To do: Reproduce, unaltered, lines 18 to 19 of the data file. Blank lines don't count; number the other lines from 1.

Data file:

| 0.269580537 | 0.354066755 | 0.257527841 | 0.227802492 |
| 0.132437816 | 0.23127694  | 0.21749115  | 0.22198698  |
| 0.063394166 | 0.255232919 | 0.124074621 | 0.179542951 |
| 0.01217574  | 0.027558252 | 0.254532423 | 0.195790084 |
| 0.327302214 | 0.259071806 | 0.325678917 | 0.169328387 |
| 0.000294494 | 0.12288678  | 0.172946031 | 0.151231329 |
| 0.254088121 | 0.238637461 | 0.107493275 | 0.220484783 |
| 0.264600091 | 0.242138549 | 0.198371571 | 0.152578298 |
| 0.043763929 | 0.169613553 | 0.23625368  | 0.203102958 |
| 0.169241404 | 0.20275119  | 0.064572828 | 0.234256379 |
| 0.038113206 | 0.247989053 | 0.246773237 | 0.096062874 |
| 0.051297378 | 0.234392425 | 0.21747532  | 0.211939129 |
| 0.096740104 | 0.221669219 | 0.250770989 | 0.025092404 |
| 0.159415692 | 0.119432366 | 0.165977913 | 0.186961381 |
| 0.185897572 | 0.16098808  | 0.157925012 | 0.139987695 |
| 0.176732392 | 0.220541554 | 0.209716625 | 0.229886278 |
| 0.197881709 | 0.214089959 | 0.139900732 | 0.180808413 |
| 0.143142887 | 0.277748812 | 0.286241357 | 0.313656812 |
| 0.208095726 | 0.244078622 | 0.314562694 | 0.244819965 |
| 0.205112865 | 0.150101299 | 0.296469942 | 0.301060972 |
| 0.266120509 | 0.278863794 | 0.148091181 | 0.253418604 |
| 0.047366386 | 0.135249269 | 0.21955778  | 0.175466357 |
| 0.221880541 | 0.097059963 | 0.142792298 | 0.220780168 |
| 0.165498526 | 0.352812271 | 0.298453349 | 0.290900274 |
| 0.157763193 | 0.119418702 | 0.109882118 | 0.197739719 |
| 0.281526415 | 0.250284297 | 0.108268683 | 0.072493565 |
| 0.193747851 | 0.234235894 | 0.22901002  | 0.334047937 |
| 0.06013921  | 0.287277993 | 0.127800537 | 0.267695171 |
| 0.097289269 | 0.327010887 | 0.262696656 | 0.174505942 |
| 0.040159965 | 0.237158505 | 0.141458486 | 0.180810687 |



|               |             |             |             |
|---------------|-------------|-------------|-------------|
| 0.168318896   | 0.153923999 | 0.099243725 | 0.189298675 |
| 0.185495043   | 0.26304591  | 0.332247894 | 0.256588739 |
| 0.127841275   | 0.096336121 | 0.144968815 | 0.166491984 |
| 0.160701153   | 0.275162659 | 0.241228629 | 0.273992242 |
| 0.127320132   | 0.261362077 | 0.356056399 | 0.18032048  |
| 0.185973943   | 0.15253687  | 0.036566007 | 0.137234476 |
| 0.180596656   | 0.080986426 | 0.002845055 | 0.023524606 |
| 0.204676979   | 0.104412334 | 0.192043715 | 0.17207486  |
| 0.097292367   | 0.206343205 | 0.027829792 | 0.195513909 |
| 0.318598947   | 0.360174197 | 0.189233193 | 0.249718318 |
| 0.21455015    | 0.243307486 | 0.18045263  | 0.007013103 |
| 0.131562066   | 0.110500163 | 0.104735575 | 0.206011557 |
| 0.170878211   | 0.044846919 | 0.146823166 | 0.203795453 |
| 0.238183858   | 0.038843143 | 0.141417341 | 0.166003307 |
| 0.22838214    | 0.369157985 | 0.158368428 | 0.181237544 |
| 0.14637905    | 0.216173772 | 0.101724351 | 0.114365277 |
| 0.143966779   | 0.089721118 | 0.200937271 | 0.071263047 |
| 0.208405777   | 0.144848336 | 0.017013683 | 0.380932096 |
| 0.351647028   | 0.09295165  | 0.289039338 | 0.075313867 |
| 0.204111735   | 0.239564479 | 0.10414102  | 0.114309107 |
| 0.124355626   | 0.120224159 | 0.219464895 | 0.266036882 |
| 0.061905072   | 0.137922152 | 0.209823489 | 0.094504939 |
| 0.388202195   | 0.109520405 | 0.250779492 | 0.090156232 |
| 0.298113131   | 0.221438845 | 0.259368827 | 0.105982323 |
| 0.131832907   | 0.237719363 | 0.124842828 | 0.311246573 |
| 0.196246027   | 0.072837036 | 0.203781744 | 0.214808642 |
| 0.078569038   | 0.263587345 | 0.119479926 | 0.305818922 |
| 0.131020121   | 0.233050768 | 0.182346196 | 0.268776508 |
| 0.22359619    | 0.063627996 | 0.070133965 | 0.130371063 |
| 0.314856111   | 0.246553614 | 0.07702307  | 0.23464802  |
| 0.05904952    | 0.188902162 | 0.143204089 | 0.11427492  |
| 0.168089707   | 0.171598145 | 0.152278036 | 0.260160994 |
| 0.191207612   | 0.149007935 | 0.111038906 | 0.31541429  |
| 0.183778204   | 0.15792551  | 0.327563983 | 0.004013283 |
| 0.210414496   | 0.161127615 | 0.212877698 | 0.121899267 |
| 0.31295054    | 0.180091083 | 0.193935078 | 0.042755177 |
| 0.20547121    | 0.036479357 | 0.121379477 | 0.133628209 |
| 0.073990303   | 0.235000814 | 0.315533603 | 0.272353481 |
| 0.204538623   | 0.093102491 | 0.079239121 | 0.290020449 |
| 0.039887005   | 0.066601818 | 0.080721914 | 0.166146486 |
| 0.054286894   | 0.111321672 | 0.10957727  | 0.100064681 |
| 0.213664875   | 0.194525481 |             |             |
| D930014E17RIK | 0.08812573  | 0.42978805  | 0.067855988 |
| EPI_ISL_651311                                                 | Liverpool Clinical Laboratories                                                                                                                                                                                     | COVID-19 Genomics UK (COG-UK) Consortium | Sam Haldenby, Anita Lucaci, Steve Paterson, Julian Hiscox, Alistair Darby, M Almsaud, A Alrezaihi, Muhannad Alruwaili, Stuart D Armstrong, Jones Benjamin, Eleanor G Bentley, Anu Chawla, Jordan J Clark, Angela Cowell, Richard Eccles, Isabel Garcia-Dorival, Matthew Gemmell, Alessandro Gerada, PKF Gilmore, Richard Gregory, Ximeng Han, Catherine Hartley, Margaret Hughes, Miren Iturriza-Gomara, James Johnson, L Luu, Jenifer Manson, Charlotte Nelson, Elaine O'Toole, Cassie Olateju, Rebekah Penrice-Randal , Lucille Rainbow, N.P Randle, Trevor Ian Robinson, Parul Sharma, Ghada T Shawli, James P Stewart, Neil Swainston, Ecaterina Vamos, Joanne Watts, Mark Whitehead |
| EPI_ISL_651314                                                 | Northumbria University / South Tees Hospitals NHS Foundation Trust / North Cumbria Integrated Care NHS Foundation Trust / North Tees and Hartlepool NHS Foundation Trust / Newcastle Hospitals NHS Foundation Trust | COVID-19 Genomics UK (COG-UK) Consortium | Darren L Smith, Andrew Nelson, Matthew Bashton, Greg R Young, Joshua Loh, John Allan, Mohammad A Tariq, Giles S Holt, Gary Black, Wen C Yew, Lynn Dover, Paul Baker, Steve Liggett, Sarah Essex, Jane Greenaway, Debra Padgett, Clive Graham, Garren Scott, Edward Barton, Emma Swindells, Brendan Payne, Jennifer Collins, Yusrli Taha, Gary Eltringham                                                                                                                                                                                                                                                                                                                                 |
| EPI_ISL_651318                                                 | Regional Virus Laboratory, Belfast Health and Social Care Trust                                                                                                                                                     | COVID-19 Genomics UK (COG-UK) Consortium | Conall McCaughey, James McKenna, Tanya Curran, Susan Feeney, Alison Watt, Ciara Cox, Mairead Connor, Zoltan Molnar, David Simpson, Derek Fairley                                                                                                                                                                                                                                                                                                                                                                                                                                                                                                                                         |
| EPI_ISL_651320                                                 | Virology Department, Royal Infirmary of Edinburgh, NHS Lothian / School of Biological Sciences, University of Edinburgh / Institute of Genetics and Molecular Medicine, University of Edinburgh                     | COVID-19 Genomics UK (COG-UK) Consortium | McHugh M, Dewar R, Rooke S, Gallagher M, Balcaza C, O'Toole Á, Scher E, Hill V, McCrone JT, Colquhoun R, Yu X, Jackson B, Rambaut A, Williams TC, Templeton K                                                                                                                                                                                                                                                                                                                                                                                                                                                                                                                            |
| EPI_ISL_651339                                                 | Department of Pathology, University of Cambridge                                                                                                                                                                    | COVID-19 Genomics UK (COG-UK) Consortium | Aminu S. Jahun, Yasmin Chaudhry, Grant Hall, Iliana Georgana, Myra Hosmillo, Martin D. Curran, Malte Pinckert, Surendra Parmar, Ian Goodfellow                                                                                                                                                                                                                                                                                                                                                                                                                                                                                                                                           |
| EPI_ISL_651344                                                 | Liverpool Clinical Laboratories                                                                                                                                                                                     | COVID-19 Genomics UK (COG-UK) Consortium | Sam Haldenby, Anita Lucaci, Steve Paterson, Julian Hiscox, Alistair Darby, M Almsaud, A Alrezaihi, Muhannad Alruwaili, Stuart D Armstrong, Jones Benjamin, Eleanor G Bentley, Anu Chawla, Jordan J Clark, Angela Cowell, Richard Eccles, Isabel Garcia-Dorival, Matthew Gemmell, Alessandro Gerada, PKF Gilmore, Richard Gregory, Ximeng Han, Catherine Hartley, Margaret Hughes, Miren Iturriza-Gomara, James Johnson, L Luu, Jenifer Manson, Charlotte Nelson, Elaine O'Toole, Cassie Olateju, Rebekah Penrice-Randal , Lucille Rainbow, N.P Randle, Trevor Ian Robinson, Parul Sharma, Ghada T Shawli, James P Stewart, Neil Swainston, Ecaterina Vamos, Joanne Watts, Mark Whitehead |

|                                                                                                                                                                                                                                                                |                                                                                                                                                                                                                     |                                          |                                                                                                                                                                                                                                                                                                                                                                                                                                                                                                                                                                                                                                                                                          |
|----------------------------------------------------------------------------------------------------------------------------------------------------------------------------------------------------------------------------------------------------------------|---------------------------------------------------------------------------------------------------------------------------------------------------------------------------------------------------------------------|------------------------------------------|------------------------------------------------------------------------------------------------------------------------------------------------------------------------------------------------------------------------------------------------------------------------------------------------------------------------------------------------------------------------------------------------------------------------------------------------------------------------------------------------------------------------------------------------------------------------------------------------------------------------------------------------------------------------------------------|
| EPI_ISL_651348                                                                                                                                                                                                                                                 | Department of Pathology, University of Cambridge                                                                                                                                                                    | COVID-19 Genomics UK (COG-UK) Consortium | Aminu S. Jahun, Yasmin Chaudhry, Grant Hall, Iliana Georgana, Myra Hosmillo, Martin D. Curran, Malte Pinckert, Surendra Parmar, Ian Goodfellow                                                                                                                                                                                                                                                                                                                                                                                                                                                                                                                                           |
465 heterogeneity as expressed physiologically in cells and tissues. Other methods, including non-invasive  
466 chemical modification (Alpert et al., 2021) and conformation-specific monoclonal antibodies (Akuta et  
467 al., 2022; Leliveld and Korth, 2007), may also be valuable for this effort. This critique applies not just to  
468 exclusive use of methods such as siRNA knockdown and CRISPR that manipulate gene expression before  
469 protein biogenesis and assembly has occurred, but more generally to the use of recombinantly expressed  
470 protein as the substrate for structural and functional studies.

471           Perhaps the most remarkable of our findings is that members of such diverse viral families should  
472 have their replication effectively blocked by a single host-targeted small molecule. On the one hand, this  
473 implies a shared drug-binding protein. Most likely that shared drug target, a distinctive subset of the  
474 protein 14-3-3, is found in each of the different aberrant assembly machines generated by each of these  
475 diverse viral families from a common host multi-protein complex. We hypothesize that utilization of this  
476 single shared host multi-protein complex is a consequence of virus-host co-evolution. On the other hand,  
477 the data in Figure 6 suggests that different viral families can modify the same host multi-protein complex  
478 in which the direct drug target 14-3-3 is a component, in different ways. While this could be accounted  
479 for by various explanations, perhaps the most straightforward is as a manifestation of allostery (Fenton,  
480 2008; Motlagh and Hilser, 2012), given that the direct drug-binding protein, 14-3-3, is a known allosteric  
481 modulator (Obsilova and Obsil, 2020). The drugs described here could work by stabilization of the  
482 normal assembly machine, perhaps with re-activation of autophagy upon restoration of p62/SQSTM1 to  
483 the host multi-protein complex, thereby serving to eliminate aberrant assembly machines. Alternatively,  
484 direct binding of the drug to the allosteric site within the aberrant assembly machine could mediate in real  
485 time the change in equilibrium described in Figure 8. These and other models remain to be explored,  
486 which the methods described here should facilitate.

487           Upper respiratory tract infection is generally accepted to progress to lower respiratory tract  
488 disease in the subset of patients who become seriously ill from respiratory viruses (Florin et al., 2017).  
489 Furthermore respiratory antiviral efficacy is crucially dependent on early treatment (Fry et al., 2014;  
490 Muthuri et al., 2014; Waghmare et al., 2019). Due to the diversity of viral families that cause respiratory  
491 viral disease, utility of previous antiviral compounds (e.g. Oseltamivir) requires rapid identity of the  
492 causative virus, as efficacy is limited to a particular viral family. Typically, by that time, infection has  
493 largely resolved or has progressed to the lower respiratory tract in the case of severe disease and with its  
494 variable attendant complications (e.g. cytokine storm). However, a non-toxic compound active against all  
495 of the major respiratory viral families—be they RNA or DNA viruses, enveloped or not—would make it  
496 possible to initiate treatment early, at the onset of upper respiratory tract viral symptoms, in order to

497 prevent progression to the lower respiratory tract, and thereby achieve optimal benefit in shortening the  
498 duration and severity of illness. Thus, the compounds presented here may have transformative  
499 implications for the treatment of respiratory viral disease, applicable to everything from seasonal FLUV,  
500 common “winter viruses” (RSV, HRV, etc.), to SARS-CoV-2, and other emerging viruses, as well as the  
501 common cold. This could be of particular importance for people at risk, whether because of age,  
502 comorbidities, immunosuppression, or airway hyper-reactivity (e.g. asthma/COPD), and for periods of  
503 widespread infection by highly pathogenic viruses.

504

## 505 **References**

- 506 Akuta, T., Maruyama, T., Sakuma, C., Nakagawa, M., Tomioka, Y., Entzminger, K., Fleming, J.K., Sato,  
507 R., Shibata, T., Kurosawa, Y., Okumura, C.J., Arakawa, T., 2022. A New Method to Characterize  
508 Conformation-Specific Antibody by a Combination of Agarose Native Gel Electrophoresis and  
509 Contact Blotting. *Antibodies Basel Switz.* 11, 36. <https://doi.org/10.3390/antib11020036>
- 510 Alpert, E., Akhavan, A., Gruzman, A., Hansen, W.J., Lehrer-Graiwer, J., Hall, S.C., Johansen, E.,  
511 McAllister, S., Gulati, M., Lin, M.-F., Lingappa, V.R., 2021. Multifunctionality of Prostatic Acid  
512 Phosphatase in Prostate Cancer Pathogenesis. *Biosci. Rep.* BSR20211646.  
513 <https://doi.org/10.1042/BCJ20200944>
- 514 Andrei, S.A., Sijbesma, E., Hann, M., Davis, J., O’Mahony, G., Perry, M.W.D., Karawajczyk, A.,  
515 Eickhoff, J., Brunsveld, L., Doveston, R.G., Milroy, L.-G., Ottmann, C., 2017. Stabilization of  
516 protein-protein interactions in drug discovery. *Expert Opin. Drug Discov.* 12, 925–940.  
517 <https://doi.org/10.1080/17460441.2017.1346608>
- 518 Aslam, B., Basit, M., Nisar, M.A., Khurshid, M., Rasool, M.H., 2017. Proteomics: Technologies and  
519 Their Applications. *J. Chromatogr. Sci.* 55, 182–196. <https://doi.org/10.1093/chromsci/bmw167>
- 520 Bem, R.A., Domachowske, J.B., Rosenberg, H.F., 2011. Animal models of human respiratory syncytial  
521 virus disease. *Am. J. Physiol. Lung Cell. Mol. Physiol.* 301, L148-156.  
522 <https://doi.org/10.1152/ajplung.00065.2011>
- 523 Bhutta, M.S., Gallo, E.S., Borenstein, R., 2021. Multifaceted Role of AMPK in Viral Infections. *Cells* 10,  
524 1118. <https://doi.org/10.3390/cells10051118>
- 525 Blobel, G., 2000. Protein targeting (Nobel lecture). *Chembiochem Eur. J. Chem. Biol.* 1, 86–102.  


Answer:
| 0.143142887 | 0.277748812 | 0.286241357 | 0.313656812 |
| 0.208095726 | 0.244078622 | 0.314562694 | 0.244819965 |